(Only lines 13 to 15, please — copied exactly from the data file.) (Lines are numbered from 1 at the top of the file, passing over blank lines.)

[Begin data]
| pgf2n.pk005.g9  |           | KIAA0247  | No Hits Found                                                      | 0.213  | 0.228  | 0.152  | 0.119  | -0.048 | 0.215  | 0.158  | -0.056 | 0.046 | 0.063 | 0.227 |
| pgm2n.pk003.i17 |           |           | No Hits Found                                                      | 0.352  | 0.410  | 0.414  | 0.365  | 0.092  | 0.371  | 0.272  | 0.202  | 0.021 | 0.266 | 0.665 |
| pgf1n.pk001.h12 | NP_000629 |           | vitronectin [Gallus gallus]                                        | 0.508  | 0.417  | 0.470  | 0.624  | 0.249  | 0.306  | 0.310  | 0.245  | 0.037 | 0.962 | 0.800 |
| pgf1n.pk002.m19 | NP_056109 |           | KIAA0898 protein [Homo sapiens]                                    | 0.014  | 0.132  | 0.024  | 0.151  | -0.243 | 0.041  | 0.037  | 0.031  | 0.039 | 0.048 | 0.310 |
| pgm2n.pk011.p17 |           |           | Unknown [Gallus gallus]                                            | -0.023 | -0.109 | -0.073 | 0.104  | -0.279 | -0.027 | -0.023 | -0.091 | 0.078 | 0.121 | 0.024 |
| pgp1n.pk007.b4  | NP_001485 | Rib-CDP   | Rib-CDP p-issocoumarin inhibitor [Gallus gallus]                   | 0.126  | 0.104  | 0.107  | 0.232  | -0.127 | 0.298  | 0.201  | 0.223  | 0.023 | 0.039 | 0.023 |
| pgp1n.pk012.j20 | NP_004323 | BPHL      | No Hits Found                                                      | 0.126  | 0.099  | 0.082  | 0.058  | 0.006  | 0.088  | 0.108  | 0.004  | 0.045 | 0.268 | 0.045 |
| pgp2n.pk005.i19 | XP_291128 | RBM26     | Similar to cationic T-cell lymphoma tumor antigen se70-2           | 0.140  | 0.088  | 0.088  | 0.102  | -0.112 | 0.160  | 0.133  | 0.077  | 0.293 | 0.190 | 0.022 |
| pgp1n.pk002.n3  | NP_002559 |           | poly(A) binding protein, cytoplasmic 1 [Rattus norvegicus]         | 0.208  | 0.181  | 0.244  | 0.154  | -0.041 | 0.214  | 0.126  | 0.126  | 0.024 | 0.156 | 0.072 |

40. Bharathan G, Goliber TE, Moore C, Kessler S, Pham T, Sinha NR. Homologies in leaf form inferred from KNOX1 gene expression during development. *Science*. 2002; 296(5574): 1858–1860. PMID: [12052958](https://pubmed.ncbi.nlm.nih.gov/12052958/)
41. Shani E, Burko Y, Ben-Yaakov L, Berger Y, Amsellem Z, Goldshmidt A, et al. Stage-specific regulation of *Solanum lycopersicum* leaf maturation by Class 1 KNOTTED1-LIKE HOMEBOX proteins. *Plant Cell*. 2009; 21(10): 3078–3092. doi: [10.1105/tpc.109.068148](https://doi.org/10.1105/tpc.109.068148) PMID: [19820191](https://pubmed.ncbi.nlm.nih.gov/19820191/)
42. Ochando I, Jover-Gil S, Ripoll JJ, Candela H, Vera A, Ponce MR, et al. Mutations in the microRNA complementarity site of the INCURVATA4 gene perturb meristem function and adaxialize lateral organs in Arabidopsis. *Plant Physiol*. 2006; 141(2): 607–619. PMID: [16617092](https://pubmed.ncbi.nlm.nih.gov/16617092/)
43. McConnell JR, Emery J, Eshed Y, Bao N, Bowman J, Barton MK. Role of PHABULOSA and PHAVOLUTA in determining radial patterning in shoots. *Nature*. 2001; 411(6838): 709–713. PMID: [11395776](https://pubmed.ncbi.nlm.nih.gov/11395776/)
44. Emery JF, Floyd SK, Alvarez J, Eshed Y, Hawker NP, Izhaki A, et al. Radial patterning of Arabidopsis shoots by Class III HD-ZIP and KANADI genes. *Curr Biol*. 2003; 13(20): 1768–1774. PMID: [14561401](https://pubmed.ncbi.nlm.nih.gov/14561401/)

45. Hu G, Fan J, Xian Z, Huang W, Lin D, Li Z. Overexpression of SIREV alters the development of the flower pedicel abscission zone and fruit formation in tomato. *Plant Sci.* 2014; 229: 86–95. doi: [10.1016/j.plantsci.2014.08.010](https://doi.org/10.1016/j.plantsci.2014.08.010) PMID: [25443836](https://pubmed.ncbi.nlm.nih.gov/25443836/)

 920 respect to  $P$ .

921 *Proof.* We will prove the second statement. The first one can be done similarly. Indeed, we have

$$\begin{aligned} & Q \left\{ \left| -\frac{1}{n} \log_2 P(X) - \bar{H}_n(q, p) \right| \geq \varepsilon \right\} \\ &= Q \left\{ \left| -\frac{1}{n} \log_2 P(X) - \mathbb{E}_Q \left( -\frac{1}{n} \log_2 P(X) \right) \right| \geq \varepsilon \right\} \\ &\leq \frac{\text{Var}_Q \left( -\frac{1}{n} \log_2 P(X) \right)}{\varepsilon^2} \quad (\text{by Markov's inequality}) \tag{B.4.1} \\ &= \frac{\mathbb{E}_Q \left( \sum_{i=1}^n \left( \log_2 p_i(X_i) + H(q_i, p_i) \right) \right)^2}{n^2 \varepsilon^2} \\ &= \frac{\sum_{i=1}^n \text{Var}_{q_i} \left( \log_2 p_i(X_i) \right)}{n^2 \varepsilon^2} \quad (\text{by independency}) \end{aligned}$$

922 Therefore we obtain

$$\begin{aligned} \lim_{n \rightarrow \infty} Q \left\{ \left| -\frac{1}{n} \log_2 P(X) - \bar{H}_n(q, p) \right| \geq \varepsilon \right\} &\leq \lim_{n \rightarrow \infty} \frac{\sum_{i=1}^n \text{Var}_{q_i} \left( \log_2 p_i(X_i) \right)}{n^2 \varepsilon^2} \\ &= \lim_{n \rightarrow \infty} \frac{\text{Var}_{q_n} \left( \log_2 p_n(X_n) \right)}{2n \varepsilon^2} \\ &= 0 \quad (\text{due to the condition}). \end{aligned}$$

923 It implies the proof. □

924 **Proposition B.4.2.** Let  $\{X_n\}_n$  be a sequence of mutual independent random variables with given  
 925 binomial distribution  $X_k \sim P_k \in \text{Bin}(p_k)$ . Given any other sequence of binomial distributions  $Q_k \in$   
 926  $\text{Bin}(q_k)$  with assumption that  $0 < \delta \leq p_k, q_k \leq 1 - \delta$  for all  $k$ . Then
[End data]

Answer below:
43. McConnell JR, Emery J, Eshed Y, Bao N, Bowman J, Barton MK. Role of PHABULOSA and PHAVOLUTA in determining radial patterning in shoots. *Nature*. 2001; 411(6838): 709–713. PMID: [11395776](https://pubmed.ncbi.nlm.nih.gov/11395776/)
44. Emery JF, Floyd SK, Alvarez J, Eshed Y, Hawker NP, Izhaki A, et al. Radial patterning of Arabidopsis shoots by Class III HD-ZIP and KANADI genes. *Curr Biol*. 2003; 13(20): 1768–1774. PMID: [14561401](https://pubmed.ncbi.nlm.nih.gov/14561401/)

45. Hu G, Fan J, Xian Z, Huang W, Lin D, Li Z. Overexpression of SIREV alters the development of the flower pedicel abscission zone and fruit formation in tomato. *Plant Sci.* 2014; 229: 86–95. doi: [10.1016/j.plantsci.2014.08.010](https://doi.org/10.1016/j.plantsci.2014.08.010) PMID: [25443836](https://pubmed.ncbi.nlm.nih.gov/25443836/)